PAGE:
The best book I ever have read is Love and Responsibility by Karol Wojtyla, a.k.a. St. John Paul II before he was pope. It is hundreds of pages of exactly what all of us need to know. But it is tragic, because it is hundreds of pages that most of us haven’t read.
Richard Spinello, author of Understanding Love and Responsibility, agrees: The “neglect of this extraordinary book is unfortunate,” he writes, about Wojtyla’s book. “Those who do take up the challenge of carefully reading Love and Responsibility will be amply rewarded.”
Believe me when I say he kids you not.
Love and Responsibility is — as Sr. Helena Burns puts it — a “philosophy of the body.” It is dense, but it is fantastic. I bought it in 2009. It was 2012 before I could comprehend it. When it clicked, I could conclude what I have since told a heck of a lot of people:
Love and Responsibility can change your life. Which is why, in Understanding Love and Responsibility, which I finished reading last week, Spinello condenses what Wojtyla wrote. He boils a big, brilliant, widely ignored book into a smaller one. In some sections, Spinello’s book is an easier read than Wojtyla’s. In others, Spinello’s is as dense. His book, as described by its subtitle, is “a companion” to Wojtyla’s classic work.
Now that I’ve read both, I don’t think the order in which you read them matters. What actually matters, for each of us and for the world around us, is that you read at least one of them. Why? Because both books hold what every human needs to know about love, marriage, and sex.
That includes, but isn’t limited to, the following points Spinello made in his book:
1. Marriage is supposed to have a mission.
How is it possible to overcome a “consumer attitude” toward persons and avoid situations where one person becomes for another merely an object of use? To prevent that from happening, people who live or work together must assimilate the common good of their respective communities and make it their own. (Page 27)
In order to escape the trap of using one another, a married couple must focus on the “common end” of marriage: procreation, family, and the continual maturing of the marital relationship. So long as a married couple subordinate themselves to this good, it is much less likely that they will exploit each other. Concentration on that common good will enable an individual to overcome his self-interest (which leads to using others) and seek this larger purpose instead. (Page 27)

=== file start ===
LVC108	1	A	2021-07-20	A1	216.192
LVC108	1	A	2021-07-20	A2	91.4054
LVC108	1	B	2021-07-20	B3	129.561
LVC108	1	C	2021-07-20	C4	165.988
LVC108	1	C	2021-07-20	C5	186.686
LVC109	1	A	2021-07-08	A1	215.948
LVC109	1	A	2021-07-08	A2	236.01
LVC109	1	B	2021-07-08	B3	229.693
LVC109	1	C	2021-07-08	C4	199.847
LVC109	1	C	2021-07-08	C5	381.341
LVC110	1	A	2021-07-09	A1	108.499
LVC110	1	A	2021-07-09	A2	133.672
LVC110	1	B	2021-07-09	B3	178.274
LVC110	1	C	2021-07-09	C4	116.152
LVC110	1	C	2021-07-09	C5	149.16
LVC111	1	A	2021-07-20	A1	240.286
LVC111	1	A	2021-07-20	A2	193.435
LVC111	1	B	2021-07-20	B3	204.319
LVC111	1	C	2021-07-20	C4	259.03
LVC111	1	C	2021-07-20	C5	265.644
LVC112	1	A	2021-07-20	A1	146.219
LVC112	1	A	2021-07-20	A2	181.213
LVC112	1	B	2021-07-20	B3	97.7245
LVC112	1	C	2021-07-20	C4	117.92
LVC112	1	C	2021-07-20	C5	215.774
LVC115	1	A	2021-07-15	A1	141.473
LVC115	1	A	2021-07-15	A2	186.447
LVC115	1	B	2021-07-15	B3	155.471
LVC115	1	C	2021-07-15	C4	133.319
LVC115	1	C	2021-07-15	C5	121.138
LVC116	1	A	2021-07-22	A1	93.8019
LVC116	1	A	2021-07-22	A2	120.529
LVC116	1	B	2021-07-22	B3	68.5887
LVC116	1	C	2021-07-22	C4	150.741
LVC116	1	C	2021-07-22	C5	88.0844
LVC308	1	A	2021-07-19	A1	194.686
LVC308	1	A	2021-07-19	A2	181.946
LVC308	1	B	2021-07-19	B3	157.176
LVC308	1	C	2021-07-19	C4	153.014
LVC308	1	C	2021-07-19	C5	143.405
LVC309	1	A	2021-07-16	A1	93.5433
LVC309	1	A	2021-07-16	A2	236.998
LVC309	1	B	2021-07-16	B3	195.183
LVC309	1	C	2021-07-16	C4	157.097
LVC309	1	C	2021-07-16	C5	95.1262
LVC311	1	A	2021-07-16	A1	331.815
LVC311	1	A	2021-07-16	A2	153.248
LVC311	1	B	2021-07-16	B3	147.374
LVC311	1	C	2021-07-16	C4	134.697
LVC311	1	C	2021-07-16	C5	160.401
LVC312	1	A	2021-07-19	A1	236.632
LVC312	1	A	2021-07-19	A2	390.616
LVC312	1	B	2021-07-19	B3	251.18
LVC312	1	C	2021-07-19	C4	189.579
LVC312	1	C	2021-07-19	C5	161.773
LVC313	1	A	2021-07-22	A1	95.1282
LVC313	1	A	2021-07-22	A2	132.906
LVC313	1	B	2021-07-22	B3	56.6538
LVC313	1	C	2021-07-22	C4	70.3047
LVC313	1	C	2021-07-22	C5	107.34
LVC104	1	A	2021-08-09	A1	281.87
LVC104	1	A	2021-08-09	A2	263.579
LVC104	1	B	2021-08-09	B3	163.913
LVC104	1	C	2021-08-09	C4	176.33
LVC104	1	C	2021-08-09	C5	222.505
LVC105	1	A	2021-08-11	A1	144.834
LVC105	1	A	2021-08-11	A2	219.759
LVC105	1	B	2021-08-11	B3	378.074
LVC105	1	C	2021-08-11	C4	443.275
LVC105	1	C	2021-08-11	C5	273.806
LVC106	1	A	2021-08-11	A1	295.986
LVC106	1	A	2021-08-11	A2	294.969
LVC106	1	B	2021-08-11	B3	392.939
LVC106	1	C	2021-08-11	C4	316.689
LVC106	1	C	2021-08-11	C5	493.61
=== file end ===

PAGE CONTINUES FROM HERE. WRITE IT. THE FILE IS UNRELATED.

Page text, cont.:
2. Decisions aren’t designed to be made based solely on feelings.
A properly integrated sensuality … is subservient to reason and subdued by the profound realism of virtue. (Page 95)
…just because an action “feels right” and provides pleasure, it doesn’t necessarily follow that this action is actually good for (you or for your significant other). (Page 97)
3. Gratification is not the purpose of marriage.
…when pleasure-seeking controls a romantic relationship, it can only end in tragic failure. (Page 33)
A relationship based on the subjective good of pleasure cannot survive, since the couple will remain together only so long as they bring pleasure to each other. Pleasure and sensual delight are not substantial goods that can unite people for very long. (Page 59)
4. An urge is not necessarily a reason to have sex.
If man allows this sexual drive to determine and shape his actions, he relinquishes his precious freedom. (Page 36)
No man or woman is at the mercy of the sexual urge the way an animal is at the mercy of its instincts. (Page 38)
He or she must prudently subject (the sexual urge) to reason, which alone can discern the moral truth about when and how to follow this urge. (Page 38)
…the sexual drive … must always be guided by reason and prudence. (Page 42)
5. Chastity prepares a person for love.
…without chastity’s discipline, sexual relations can never become anything more than mutual sexual satisfaction. (Page 93)
(Chastity) entails much more than sexual restraint. … (it is) a necessary condition for love. (Page 93)
Chastity prevents objectification by keeping sensuality and sentiment in their proper place so that they do not overwhelm reason and will. (Page 103)